27 November 2017TrademarksRafael Lacaz Amaral

Online counterfeiting: You can run, but you can’t hide

IP owners have been waging relentless battles against those who insist on violating their rights for a long time.

We know that the legal systems of the vast majority of countries contain provisions which guarantee protection for trademarks, patents, industrial designs and intellectual works. They also contain rules that ensure the adoption of civil and criminal measures that seek to stop the act of infringement and to hold the infringer responsible.

Until the early 1990s, infringements occurred in a ‘physical’ way, meaning the manufacturing and selling of products that violated the intellectual or industrial property rights of others. The path was relatively easy: it was enough for the right holder to find the source and  take the necessary legal measures.

However, this scenario has changed dramatically with the popularisation of the internet. Today, most companies have at least a website and a corporate profile on social media networks. If a company does not, then the consumer will struggle to find it.

Modern consumers consume all kinds of products through the virtual environment. Not surprisingly, according to recent studies, each person in Brazil spends about ten hours a day on the internet. It is in this scenario that the same violations of industrial and IP rights also happen.

The way to catch offenders has become increasingly difficult and complex. Let’s look at examples of software, music and images, which are copyrightable elements. In the not so distant past, pirated software and music CDs were produced and sold on the streets and at flea markets. The enforcement measures were usually the search and seizure of all material and consequent destruction.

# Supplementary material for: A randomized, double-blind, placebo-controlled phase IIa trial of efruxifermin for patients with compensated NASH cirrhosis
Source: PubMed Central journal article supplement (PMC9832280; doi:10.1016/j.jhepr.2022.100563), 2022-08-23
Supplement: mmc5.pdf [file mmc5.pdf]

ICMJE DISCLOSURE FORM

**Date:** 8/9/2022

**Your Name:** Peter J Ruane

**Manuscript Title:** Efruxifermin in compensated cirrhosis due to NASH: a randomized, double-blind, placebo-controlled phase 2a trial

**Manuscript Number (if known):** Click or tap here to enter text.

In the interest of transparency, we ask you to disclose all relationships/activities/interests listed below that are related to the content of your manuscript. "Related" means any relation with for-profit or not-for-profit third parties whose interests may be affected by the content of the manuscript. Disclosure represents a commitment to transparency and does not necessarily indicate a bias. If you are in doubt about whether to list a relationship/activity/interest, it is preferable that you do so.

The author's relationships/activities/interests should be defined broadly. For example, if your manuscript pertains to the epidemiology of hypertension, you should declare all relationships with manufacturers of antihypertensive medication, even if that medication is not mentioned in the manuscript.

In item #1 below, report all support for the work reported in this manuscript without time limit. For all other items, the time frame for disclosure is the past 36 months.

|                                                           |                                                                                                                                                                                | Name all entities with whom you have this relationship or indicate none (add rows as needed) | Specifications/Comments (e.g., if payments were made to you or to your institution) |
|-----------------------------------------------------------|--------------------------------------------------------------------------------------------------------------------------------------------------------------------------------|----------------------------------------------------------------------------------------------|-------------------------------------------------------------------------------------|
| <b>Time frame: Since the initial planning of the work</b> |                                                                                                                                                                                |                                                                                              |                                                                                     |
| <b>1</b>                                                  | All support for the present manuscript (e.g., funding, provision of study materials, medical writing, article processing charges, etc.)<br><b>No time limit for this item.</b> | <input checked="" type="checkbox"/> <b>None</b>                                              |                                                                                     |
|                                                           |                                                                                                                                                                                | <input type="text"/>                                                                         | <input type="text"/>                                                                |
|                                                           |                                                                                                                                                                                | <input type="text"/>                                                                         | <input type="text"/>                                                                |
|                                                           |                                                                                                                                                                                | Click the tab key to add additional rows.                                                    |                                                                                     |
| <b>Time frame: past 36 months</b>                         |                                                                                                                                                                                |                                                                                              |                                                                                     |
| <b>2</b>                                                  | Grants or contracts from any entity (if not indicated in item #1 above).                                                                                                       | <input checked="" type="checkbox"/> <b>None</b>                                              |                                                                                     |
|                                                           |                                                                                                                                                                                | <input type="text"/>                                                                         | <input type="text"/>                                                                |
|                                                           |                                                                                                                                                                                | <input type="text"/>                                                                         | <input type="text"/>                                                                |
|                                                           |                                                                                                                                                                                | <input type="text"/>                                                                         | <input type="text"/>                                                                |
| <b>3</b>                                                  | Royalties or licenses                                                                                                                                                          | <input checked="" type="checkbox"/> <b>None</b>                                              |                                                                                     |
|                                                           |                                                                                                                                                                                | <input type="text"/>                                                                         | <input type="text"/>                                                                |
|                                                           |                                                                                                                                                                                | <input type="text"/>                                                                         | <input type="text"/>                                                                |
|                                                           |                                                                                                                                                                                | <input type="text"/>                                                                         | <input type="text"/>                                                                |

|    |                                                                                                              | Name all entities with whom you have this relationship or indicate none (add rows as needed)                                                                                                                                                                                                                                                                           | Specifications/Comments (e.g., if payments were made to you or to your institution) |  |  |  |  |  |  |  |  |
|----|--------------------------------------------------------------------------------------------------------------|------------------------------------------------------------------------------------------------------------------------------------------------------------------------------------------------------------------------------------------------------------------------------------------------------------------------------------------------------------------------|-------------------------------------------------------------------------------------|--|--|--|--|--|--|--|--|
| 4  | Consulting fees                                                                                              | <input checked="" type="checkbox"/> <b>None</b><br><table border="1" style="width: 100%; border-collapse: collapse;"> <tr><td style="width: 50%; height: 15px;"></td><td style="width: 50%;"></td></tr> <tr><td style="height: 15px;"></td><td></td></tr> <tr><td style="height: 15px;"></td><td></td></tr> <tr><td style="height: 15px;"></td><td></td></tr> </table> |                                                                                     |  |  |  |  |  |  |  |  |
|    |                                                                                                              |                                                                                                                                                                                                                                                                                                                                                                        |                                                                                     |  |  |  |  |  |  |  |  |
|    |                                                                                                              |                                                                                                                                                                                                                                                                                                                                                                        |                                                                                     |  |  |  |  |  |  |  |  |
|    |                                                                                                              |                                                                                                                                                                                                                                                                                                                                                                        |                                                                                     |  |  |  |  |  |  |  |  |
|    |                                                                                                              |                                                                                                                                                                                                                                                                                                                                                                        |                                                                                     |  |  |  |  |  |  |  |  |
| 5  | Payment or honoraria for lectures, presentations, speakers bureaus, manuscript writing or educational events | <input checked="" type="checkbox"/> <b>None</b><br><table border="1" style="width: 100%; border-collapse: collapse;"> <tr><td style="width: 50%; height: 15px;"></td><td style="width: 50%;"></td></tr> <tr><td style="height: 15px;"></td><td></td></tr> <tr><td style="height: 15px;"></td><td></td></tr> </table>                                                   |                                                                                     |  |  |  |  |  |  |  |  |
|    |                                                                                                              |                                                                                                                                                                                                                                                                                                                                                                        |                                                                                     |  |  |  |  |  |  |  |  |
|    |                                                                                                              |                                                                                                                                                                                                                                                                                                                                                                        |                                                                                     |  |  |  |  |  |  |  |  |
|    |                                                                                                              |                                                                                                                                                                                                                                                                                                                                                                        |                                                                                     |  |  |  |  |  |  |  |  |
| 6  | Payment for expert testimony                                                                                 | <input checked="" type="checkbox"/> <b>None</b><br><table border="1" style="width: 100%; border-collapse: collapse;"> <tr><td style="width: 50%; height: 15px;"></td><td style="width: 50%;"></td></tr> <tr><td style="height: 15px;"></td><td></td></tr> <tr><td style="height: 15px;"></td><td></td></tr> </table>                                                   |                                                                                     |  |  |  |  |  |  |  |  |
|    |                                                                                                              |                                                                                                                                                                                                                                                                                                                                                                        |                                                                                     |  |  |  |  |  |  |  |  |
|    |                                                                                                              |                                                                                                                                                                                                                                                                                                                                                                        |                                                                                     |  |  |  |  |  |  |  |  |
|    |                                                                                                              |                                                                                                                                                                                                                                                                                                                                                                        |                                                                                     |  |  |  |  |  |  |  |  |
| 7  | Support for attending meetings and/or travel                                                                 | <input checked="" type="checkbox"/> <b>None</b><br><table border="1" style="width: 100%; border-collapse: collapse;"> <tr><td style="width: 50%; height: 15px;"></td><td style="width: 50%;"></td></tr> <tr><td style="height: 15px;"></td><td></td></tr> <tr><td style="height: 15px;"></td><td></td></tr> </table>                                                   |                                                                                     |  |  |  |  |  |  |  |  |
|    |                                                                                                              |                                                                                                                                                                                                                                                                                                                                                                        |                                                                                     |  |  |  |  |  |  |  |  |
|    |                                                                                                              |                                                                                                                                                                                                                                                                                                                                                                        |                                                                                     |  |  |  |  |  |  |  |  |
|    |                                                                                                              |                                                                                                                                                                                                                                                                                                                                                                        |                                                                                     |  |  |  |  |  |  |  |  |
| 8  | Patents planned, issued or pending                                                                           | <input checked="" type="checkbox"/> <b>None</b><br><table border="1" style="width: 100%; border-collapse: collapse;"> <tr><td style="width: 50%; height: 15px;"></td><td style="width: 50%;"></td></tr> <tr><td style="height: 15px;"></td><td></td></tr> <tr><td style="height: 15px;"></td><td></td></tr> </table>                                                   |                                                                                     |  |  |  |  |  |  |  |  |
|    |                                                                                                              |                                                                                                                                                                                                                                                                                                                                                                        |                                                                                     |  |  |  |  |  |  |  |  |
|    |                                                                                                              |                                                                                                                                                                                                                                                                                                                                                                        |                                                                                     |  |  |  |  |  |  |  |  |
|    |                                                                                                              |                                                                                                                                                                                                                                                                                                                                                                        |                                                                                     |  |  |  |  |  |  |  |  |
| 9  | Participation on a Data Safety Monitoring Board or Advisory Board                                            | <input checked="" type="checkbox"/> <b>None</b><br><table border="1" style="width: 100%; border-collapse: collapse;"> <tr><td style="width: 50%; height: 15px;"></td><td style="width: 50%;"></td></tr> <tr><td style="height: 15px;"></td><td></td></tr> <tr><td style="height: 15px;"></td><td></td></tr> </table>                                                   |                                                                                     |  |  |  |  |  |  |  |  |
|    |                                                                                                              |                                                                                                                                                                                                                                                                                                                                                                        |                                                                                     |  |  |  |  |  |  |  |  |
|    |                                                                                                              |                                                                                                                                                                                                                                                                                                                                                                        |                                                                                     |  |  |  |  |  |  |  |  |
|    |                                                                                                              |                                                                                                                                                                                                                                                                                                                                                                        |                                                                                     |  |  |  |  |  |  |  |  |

But today, the vast majority of the same software and music is no longer being printed on physical media to be later marketed. This distribution and sale happens on the internet itself, usually through the download mode.

Traditionally, rights holders would go after those who gave rise to the infringement, that is, the individual or company that made the offending product available for download. These, of course, need to suffer the punishments provided in the legislation because the violation would not have happened without their direct participation.

But what about those individuals who choose not to pursue the right path to licensing software, music or images, and download them to their computer and start to exploit them commercially? Under Brazilian law, these end-users are also infringing IP rights.

In recent years, software developers and music, image and video libraries have increasingly sought to educate the market through campaigns. However, enforcement measures are also necessary, mainly to repress the infringement and compel the unlicensed user to pay compensation or royalties for the undue economic exploitation of another’s rights.

But the questions are: how to find this end-user if the internet is still an environment yet to be fully exploited? How to determine who is behind the use of illegal and unpaid software, music, images and video?

To solve this problem, companies have been developing highly accurate and sophisticated systems that enable the monitoring of the internet and tracking  of the path travelled by the offender.

Thanks to the massive investments that have been made in this area, there are now tracking technologies that are applied to software, music, images and videos. The moment the individual downloads the product to their computer and starts to operate it, the security code that is applied to it sends signals to the security platform, so that it is possible to get, in most cases, some basic information about 
the infringer.

Online infringers can still try to hide, but not for long, because their activities leave traces that can be tracked.

Rafael Lacaz Amaral is a senior partner at Kasznar Leonardos. He acts in IP litigation and coordinates the firm’s licence compliance group; offers consulting services on licensing agreements, patents, trademarks, copyright, and unfair competition; handles trademark prosecution; and provides arbitration and mediation services in IP. He can be contacted at:

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